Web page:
Politics

Supreme Court reverses fraud convictions of Christie aides in NJ 'Bridgegate' scandal

Key Points
  • The Supreme Court reversed the fraud convictions of two aides to former New Jersey Gov. Chris Christie for their key roles in the "Bridgegate" scandal.
  • The scandal involved shutting down commuter lanes at the George Washington Bridge in order to punish the city of Fort Lee's mayor for refusing to back Christie's 2013 reelection effort.
  • In a unanimous ruling, Justice Elena Kagan said Bridget Anne Kelly and William Baroni "could not have violated the federal-program fraud or wire fraud laws" because the scheme did not "aim to obtain money or property."
Bridget Anne Kelly, former deputy chief of staff to New Jersey Gov. Chris Christie (L) and Bill Baroni, former deputy executive director of The Port Authority of New York and New Jersey
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The Supreme Court on Thursday reversed the fraud convictions of two aides to former New Jersey Gov. Chris Christie who played key roles in the 2013 "Bridgegate" scandal.

Justice Elena Kagan wrote for the unanimous court that Bridget Anne Kelly and William Baroni "could not have violated the federal-program fraud or wire fraud laws" because the scheme did not "aim to obtain money or property."

The plot involved shutting down commuter lanes at the George Washington Bridge connecting New Jersey and New York in order to create massive traffic jams to punish the city of Fort Lee's mayor for refusing to back Christie's 2013 reelection effort. Kelly was Christie's deputy chief of staff and Baroni was deputy executive director of the Port Authority of New York and New Jersey, the agency that manages the bridge.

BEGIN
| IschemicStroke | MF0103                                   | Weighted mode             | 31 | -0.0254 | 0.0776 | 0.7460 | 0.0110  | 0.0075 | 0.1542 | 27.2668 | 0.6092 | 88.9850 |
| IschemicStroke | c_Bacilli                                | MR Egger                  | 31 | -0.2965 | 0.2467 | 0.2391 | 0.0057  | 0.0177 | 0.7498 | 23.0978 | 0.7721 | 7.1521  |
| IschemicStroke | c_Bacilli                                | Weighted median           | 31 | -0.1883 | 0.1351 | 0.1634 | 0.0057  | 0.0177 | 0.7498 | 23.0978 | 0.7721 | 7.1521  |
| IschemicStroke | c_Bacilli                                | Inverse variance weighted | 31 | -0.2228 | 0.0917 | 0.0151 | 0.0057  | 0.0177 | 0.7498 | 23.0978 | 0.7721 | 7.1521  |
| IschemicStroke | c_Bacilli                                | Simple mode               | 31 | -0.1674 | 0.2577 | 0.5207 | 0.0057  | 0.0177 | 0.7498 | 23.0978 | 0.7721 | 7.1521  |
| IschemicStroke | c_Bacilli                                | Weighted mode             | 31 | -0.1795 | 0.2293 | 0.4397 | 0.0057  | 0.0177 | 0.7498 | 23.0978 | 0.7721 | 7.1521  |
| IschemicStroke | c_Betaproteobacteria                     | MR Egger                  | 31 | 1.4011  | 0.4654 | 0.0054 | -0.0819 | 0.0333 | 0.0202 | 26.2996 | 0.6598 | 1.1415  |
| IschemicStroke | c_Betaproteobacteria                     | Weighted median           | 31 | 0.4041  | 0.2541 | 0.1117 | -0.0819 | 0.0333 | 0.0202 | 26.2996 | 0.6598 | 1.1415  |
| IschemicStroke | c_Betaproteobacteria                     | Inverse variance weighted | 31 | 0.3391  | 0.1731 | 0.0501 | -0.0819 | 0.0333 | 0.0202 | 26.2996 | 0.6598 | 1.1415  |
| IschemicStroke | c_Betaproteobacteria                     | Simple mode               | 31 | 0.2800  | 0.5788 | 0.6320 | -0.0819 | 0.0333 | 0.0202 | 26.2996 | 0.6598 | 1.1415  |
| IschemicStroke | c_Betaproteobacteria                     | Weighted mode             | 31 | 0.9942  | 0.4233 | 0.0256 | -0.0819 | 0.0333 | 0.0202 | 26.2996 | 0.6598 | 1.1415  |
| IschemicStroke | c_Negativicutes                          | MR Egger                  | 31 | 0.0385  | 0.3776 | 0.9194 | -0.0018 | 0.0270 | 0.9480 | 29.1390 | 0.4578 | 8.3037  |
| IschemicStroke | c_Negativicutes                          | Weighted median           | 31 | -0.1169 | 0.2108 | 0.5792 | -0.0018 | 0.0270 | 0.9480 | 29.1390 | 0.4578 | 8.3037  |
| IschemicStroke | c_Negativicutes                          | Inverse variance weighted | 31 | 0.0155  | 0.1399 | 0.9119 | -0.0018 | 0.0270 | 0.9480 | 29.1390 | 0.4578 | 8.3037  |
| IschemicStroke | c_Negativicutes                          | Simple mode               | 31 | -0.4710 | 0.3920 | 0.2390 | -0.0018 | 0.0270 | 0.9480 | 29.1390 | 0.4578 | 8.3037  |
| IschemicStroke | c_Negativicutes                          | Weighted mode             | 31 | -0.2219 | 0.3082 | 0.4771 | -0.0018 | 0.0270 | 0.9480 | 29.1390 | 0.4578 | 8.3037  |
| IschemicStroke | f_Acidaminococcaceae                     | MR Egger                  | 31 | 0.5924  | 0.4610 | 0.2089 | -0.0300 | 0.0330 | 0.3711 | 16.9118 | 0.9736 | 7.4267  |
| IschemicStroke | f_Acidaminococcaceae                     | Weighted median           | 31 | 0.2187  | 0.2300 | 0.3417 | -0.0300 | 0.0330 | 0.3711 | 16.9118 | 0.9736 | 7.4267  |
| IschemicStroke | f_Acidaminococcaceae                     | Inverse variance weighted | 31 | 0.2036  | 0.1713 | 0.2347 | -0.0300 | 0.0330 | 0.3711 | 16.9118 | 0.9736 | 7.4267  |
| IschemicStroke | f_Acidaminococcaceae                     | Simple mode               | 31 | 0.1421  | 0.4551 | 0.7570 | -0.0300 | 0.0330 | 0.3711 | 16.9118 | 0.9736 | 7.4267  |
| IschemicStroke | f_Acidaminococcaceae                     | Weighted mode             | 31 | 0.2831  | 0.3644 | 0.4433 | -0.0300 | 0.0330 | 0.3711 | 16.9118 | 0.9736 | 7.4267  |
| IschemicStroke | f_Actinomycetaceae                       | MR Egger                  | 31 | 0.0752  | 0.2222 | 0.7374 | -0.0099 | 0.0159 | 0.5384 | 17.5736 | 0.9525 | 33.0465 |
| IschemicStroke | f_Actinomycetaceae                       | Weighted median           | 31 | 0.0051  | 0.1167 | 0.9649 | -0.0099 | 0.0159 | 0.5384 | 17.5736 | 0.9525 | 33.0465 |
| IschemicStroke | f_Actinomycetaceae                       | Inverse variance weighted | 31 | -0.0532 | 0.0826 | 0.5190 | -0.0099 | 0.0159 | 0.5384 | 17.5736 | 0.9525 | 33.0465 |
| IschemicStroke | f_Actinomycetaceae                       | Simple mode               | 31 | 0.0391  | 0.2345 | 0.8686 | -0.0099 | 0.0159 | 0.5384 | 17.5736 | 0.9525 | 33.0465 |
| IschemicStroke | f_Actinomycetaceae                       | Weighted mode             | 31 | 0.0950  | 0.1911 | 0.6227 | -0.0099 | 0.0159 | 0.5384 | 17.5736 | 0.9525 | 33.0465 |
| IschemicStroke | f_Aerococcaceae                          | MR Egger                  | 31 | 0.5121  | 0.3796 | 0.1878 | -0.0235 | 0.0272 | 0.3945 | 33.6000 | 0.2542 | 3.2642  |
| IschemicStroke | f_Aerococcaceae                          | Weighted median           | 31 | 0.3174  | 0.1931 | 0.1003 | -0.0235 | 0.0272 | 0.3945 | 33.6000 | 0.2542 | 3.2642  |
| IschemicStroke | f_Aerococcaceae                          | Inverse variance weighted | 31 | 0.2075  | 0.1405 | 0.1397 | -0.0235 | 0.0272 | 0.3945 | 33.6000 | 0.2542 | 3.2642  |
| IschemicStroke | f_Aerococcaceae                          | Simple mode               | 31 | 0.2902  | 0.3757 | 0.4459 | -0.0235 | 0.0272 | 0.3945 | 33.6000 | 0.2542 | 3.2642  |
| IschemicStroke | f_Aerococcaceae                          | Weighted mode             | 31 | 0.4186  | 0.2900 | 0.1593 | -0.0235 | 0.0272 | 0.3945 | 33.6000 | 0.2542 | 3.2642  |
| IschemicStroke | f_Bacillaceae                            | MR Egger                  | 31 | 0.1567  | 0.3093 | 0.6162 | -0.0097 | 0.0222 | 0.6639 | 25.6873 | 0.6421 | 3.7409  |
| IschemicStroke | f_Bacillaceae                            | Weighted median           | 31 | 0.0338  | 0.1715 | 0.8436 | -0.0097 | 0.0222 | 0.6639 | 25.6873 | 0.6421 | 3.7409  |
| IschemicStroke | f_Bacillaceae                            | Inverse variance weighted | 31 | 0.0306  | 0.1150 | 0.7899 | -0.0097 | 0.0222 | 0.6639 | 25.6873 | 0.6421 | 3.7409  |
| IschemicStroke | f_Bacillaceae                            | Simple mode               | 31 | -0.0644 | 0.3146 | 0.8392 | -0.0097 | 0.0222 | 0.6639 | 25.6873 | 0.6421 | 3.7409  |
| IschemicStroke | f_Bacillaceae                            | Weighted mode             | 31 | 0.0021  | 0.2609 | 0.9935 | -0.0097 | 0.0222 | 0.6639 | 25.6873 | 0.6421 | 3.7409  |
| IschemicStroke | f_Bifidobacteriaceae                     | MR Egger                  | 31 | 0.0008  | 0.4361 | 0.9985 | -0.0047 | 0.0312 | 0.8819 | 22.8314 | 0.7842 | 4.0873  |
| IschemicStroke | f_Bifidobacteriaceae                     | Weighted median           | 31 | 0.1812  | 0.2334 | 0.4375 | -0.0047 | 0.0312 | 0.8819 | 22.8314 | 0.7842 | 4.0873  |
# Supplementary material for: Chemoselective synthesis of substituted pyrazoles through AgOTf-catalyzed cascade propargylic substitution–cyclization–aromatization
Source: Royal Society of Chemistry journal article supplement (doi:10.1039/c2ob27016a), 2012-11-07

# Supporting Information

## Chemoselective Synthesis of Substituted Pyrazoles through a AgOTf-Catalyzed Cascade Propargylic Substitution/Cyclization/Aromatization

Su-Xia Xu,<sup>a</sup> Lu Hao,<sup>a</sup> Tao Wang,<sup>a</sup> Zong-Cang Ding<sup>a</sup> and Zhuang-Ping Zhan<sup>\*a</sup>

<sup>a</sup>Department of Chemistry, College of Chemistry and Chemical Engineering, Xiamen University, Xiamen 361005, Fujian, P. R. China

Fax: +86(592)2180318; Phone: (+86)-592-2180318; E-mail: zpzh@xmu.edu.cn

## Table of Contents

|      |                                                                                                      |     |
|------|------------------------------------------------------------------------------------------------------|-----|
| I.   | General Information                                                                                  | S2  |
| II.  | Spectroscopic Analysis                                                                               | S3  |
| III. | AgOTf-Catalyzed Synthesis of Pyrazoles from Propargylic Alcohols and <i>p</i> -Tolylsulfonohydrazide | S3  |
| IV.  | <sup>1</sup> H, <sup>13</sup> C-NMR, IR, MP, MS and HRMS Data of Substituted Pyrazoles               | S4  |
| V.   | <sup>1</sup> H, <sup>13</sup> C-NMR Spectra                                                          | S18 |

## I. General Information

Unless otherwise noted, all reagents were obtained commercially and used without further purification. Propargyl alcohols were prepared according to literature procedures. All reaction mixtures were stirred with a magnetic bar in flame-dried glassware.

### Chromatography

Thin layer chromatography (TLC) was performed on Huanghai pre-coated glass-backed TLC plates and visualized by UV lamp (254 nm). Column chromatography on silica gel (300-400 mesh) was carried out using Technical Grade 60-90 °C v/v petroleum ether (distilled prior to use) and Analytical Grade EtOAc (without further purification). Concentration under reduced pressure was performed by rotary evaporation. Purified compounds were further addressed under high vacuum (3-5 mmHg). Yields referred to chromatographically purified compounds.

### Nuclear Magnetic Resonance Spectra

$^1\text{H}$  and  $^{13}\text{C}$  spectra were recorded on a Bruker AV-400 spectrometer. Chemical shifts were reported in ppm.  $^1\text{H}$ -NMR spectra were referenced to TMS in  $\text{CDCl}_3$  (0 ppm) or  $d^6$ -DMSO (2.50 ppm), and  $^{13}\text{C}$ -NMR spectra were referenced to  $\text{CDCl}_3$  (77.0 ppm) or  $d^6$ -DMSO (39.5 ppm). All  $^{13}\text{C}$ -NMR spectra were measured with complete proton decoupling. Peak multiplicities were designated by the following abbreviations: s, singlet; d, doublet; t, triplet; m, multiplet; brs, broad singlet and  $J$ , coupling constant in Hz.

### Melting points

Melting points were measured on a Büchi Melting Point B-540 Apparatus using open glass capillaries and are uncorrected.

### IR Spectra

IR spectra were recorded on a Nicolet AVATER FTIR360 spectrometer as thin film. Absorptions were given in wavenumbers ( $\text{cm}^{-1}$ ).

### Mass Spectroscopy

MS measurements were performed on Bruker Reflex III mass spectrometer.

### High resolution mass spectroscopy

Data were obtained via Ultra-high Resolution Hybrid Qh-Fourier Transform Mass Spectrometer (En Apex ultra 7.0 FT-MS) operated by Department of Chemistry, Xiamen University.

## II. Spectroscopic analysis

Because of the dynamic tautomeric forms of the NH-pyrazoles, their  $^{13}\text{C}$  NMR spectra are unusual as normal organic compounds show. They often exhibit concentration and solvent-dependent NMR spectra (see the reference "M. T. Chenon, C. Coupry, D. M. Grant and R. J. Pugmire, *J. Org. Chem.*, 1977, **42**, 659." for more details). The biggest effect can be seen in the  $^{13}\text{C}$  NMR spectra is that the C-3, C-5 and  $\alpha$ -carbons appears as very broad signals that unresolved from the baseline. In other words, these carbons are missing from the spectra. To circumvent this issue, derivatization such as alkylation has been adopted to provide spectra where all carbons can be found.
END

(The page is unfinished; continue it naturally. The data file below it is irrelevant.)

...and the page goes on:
The scandal has been seen as a death blow to the political career of Christie, who had hoped to leverage his second term as governor into a successful run for the Republican presidential nomination. Christie was dropped as the head of President Donald Trump's White House transition team in 2016 shortly after Kelly and Baroni were convicted. 

Trump celebrated the decision on Twitter, writing that "a complete and total exoneration (with a 9-0 vote by the U.S. Supreme Court) on the Obama DOJ Scam referred to as 'Bridgegate.'"

Kagan, an Obama appointee, wrote that the evidence "no doubt shows wrongdoing — deception, corruption, abuse of power."  

"But the federal fraud statutes at issue do not criminalize all such conduct," Kagan said. "Under settled precedent, the officials could violate those laws only if an object of their dishonesty was to obtain the Port Authority's money or property."

Kelly was sentenced to 13 months in prison last year. Baroni was sentenced to 18 months in prison, and actually began serving that term in 2019, before being released after the Supreme Court said it would take Kelly's appeal. The high court accepted Kelly's appeal just two weeks before she was due to begin serving her sentence.

In a statement Thursday, Kelly said the court "gave me back my name and began to reverse the six-and-a-half-year nightmare that has become my life."